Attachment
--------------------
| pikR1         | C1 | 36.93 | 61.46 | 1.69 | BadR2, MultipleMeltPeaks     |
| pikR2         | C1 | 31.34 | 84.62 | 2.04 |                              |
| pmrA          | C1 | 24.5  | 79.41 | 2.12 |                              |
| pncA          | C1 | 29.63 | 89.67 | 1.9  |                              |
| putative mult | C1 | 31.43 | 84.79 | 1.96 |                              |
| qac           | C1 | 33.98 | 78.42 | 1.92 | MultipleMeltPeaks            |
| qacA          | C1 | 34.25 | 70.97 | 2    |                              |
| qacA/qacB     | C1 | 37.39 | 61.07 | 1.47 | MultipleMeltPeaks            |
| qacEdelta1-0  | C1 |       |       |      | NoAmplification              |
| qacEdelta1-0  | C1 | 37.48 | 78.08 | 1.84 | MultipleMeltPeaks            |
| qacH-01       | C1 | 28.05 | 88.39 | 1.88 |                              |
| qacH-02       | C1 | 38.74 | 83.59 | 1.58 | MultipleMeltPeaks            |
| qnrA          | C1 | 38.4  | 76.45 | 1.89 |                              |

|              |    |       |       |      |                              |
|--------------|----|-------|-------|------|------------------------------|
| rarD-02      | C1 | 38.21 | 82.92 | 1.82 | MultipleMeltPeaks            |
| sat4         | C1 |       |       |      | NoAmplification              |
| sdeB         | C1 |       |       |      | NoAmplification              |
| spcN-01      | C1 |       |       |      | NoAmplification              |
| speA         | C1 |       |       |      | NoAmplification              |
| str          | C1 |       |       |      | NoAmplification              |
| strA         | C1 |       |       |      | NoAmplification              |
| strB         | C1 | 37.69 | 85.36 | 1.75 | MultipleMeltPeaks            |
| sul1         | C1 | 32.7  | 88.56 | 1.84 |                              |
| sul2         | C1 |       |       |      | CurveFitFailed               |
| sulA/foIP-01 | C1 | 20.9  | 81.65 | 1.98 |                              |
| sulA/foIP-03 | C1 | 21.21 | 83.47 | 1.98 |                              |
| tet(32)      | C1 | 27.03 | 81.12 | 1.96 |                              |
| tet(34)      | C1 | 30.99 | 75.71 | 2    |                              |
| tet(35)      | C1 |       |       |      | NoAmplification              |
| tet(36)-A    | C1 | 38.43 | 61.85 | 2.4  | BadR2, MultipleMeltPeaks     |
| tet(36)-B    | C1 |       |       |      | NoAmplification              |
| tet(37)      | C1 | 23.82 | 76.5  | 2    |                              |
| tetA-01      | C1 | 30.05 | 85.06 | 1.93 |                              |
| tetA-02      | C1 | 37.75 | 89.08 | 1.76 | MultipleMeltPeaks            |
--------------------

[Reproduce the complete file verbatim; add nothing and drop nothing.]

| pikR1         | C1 | 36.93 | 61.46 | 1.69 | BadR2, MultipleMeltPeaks     |
| pikR2         | C1 | 31.34 | 84.62 | 2.04 |                              |
| pmrA          | C1 | 24.5  | 79.41 | 2.12 |                              |
| pncA          | C1 | 29.63 | 89.67 | 1.9  |                              |
| putative mult | C1 | 31.43 | 84.79 | 1.96 |                              |
| qac           | C1 | 33.98 | 78.42 | 1.92 | MultipleMeltPeaks            |
| qacA          | C1 | 34.25 | 70.97 | 2    |                              |
| qacA/qacB     | C1 | 37.39 | 61.07 | 1.47 | MultipleMeltPeaks            |
| qacEdelta1-0  | C1 |       |       |      | NoAmplification              |
| qacEdelta1-0  | C1 | 37.48 | 78.08 | 1.84 | MultipleMeltPeaks            |
| qacH-01       | C1 | 28.05 | 88.39 | 1.88 |                              |
| qacH-02       | C1 | 38.74 | 83.59 | 1.58 | MultipleMeltPeaks            |
| qnrA          | C1 | 38.4  | 76.45 | 1.89 |                              |

|              |    |       |       |      |                              |
|--------------|----|-------|-------|------|------------------------------|
| rarD-02      | C1 | 38.21 | 82.92 | 1.82 | MultipleMeltPeaks            |
| sat4         | C1 |       |       |      | NoAmplification              |
| sdeB         | C1 |       |       |      | NoAmplification              |
| spcN-01      | C1 |       |       |      | NoAmplification              |
| speA         | C1 |       |       |      | NoAmplification              |
| str          | C1 |       |       |      | NoAmplification              |
| strA         | C1 |       |       |      | NoAmplification              |
| strB         | C1 | 37.69 | 85.36 | 1.75 | MultipleMeltPeaks            |
| sul1         | C1 | 32.7  | 88.56 | 1.84 |                              |
| sul2         | C1 |       |       |      | CurveFitFailed               |
| sulA/foIP-01 | C1 | 20.9  | 81.65 | 1.98 |                              |
| sulA/foIP-03 | C1 | 21.21 | 83.47 | 1.98 |                              |
| tet(32)      | C1 | 27.03 | 81.12 | 1.96 |                              |
| tet(34)      | C1 | 30.99 | 75.71 | 2    |                              |
| tet(35)      | C1 |       |       |      | NoAmplification              |
| tet(36)-A    | C1 | 38.43 | 61.85 | 2.4  | BadR2, MultipleMeltPeaks     |
| tet(36)-B    | C1 |       |       |      | NoAmplification              |
| tet(37)      | C1 | 23.82 | 76.5  | 2    |                              |
| tetA-01      | C1 | 30.05 | 85.06 | 1.93 |                              |
| tetA-02      | C1 | 37.75 | 89.08 | 1.76 | MultipleMeltPeaks            |